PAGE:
Q12: Do you think it can be tailored to be used for bridge inspection after fires? like comparing pictures of the bridge before and after a fire and track the damage?
A: For bridges after fire, obvious stains will be left on the concrete or steel surface due to flame and smoke, , which will bring challenges to the detection of surface defects. On the one hand, adding some defect images after fire to the deep learning database will bring benefits, on the other hand, the combination of RGB image and short-range laser scanning can greatly reduce the impact of surface stains on inspection accuracy.
Q13: Would you please explain the detailed specification of Lidar that was used in this research? The model and the manufacturer if it is fine.
A: The lidar we use to scan structural three-dimensional point clouds is VZ-400i from Riegl. Its effective distance is 800m and the maximum accuracy is 3mm.
Q14: Can you please tell if you use Infrared images for this research?
A: Instead of using infrared images for displacement calculations, our camera uses active infrared point light sources mounted on the main beam to illuminate the camera mounted on the pier. The infrared light has strong penetration, and the image sensor of the camera captures these infrared light sources to achieve real-time tracking. In addition, we install filters on our lenses that only pass through infrared light above 850nm, thus eliminating the interference of natural stray light.
Q15: How many minutes does it take to detect a defect in Non GPS for a bridge with how long a span?
A: It takes about 40 minutes to inspect the surface of a 150 meter high bridge tower, about 1.5 hours to inspect the bottom surface of a 300 meter span bridge, and about 1 hour to inspect the surface bolts of a 120 meter steel truss bridge.
Q16: What are the processes that can be done on the data you get from crack widths? Are there methods to make a global evaluation of the system dynamics using these data? or they are just used in local evaluations?
A: The first step is to get the crack images of a bridge by cameras, then a deep learning-enabled quantitative crack width measurement method can be employed to get the crack widths from images. In the detection and mapping phase, dual-scale convolutional neural networks are designed to detect cracks in complex scene images with validated high accuracy. Subsequently, a novel crack width estimation method based on the use of Zernike moment operator is further developed for thin cracks. The effect of cracks on global structural dynamic characteristics is not obvious, and cracks reflect more local information for local evaluation. The fusion evaluation method of detection information (e.g., crack) and monitoring data (e.g., acceleration) is a great research direction in the future.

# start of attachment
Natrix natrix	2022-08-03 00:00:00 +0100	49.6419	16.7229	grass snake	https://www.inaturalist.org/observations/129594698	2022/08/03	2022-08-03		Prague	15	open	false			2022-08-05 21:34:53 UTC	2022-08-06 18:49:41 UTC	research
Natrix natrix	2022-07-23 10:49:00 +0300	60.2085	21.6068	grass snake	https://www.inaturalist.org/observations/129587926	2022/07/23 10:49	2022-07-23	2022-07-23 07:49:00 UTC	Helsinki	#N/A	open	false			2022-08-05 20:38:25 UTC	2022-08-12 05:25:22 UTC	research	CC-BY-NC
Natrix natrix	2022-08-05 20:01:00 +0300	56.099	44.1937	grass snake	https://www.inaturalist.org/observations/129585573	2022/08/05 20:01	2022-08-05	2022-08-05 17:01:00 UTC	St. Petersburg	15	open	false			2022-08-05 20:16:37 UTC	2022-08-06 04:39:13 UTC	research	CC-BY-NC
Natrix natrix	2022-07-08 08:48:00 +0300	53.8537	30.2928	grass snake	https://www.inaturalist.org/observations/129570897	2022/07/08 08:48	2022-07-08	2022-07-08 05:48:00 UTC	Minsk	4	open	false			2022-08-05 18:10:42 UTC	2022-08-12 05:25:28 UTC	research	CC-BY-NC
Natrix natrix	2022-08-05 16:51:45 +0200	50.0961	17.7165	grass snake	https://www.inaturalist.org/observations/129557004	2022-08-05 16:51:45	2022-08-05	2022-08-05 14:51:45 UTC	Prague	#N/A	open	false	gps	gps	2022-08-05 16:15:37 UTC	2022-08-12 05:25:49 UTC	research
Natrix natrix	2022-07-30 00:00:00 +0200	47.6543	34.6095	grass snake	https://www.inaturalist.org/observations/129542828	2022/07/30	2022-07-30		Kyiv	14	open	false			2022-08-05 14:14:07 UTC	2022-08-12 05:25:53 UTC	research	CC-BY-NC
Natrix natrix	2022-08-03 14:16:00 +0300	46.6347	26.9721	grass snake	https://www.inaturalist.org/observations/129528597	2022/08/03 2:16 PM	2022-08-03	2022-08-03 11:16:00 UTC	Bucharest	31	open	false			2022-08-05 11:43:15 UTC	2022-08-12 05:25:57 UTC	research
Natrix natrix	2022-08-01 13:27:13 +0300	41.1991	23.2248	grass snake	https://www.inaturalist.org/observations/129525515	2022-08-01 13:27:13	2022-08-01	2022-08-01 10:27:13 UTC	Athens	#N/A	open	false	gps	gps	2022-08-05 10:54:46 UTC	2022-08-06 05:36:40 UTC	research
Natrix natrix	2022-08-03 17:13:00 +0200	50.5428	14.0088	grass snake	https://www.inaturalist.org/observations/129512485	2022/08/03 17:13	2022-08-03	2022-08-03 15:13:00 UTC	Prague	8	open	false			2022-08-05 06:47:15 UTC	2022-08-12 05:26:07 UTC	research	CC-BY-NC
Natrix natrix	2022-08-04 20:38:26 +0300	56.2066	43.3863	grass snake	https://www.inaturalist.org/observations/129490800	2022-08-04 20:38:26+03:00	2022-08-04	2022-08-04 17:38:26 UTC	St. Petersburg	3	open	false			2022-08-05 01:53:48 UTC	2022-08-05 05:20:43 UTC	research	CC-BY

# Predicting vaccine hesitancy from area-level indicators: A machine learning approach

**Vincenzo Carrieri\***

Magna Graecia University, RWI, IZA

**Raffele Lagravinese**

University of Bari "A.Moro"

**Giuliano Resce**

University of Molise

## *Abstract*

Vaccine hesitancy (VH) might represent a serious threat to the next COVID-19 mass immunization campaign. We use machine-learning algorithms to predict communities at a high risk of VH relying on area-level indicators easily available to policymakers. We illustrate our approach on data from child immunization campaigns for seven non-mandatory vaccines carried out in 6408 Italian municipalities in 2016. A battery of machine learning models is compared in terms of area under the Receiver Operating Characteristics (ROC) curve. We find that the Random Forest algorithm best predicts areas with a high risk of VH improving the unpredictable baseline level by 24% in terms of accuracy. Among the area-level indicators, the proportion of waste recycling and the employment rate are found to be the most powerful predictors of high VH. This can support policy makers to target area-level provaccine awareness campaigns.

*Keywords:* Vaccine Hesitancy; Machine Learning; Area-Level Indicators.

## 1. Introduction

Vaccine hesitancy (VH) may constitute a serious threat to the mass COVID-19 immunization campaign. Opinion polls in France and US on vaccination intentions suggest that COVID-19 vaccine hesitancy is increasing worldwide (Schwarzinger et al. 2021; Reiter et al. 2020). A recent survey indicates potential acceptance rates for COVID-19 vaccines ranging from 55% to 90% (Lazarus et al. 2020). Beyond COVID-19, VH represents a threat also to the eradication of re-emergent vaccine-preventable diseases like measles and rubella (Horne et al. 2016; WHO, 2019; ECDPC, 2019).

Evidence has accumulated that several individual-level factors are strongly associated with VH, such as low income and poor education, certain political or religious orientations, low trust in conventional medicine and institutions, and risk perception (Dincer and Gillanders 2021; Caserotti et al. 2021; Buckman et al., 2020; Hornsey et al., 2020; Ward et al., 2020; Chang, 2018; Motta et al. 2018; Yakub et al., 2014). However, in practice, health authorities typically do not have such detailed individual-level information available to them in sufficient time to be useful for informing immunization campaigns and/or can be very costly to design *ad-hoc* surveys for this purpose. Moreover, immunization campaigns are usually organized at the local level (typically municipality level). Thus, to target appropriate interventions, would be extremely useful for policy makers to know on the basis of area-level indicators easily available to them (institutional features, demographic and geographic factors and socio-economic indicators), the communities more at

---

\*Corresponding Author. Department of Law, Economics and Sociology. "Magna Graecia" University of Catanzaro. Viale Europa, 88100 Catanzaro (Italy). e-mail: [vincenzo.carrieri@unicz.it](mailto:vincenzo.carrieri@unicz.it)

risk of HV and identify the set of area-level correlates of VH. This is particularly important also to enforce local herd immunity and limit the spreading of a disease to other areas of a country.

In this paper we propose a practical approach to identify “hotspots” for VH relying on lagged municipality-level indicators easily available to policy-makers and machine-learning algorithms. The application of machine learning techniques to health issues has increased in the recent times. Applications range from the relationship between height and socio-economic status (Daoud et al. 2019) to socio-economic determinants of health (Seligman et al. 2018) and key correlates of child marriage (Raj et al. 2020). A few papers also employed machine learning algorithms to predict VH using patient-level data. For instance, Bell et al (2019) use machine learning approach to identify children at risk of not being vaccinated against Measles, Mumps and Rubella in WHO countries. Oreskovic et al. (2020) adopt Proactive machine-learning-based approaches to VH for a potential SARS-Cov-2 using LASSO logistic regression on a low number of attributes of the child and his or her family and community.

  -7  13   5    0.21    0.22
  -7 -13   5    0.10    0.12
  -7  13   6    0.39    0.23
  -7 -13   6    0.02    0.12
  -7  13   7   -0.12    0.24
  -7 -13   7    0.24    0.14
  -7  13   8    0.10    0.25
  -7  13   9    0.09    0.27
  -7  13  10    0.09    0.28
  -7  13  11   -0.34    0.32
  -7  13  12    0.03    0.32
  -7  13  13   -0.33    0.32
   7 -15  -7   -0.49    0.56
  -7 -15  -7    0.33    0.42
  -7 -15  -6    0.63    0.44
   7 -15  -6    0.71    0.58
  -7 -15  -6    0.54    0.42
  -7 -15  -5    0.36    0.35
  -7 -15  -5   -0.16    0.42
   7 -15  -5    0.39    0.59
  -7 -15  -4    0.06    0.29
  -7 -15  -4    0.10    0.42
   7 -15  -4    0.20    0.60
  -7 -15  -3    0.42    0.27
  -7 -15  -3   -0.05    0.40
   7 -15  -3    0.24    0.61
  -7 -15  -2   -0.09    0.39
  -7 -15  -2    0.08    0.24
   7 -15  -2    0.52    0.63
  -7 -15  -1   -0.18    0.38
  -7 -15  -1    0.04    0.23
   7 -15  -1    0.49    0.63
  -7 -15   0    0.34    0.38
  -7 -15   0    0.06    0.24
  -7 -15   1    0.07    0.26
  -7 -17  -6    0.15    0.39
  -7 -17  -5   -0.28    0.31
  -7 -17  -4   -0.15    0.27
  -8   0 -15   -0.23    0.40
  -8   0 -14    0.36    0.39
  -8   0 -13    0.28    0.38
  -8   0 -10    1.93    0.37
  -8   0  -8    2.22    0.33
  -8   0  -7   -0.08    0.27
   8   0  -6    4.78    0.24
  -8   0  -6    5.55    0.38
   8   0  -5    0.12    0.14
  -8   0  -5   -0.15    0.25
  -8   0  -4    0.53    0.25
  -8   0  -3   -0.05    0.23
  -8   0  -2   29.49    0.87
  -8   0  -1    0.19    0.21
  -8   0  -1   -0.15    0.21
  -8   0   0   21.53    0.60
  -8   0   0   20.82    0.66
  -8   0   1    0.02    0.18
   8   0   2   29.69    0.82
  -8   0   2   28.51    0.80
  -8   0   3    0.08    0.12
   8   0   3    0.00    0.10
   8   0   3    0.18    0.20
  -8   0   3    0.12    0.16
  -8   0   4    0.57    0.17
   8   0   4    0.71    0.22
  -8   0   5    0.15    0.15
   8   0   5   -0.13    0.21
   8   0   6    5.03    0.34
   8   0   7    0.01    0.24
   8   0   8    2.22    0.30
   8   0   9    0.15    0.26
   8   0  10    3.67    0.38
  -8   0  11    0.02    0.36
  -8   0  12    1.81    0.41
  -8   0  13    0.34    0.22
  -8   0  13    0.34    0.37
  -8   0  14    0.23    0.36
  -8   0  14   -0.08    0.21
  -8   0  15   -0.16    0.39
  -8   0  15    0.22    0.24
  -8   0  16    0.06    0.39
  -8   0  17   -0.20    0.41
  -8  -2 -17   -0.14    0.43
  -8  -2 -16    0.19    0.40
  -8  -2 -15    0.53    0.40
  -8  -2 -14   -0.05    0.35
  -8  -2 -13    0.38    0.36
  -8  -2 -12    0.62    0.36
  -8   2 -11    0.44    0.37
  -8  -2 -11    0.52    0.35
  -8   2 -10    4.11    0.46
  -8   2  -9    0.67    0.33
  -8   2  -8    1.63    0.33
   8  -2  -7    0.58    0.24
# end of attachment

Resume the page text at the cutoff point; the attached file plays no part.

Q17: Wondering whether you are working on any methods to detect subsurface level defects. In other words, do you have methods to identify cracks/deteriorations that are not visible to the outside.
A: With regard to the detection of internal cracks or defects, the method based on acoustic waves is the main method. We are currently trying to use shock echo and ultrasonic methods for detection.
Q18: Can you please discuss what happens with microwave radar monitoring? What does the microwave radar look for and pick up?
A: The transmitter of the microwave radar generates a set of linear frequency modulated continuous wave signals, most of the signals are transmitted to the transmitting antenna (the remaining part is transmitted to the receiver as the local oscillator signal), which is transmitted to the measured target by the transmitting antenna, and then passed through the measured target. The target reflection generates an echo signal, and the receiving antenna receives the echo signal, and then the receiver mixes the echo signal and the local oscillator signal. The signal data obtained by the signal processor filtering and sampling the mixed signal contains the distance information and vibration information of the measured target. The real vibration of the vibrating target can be obtained by combining the vibration information and the elevation angle measured by the built-in gyroscope.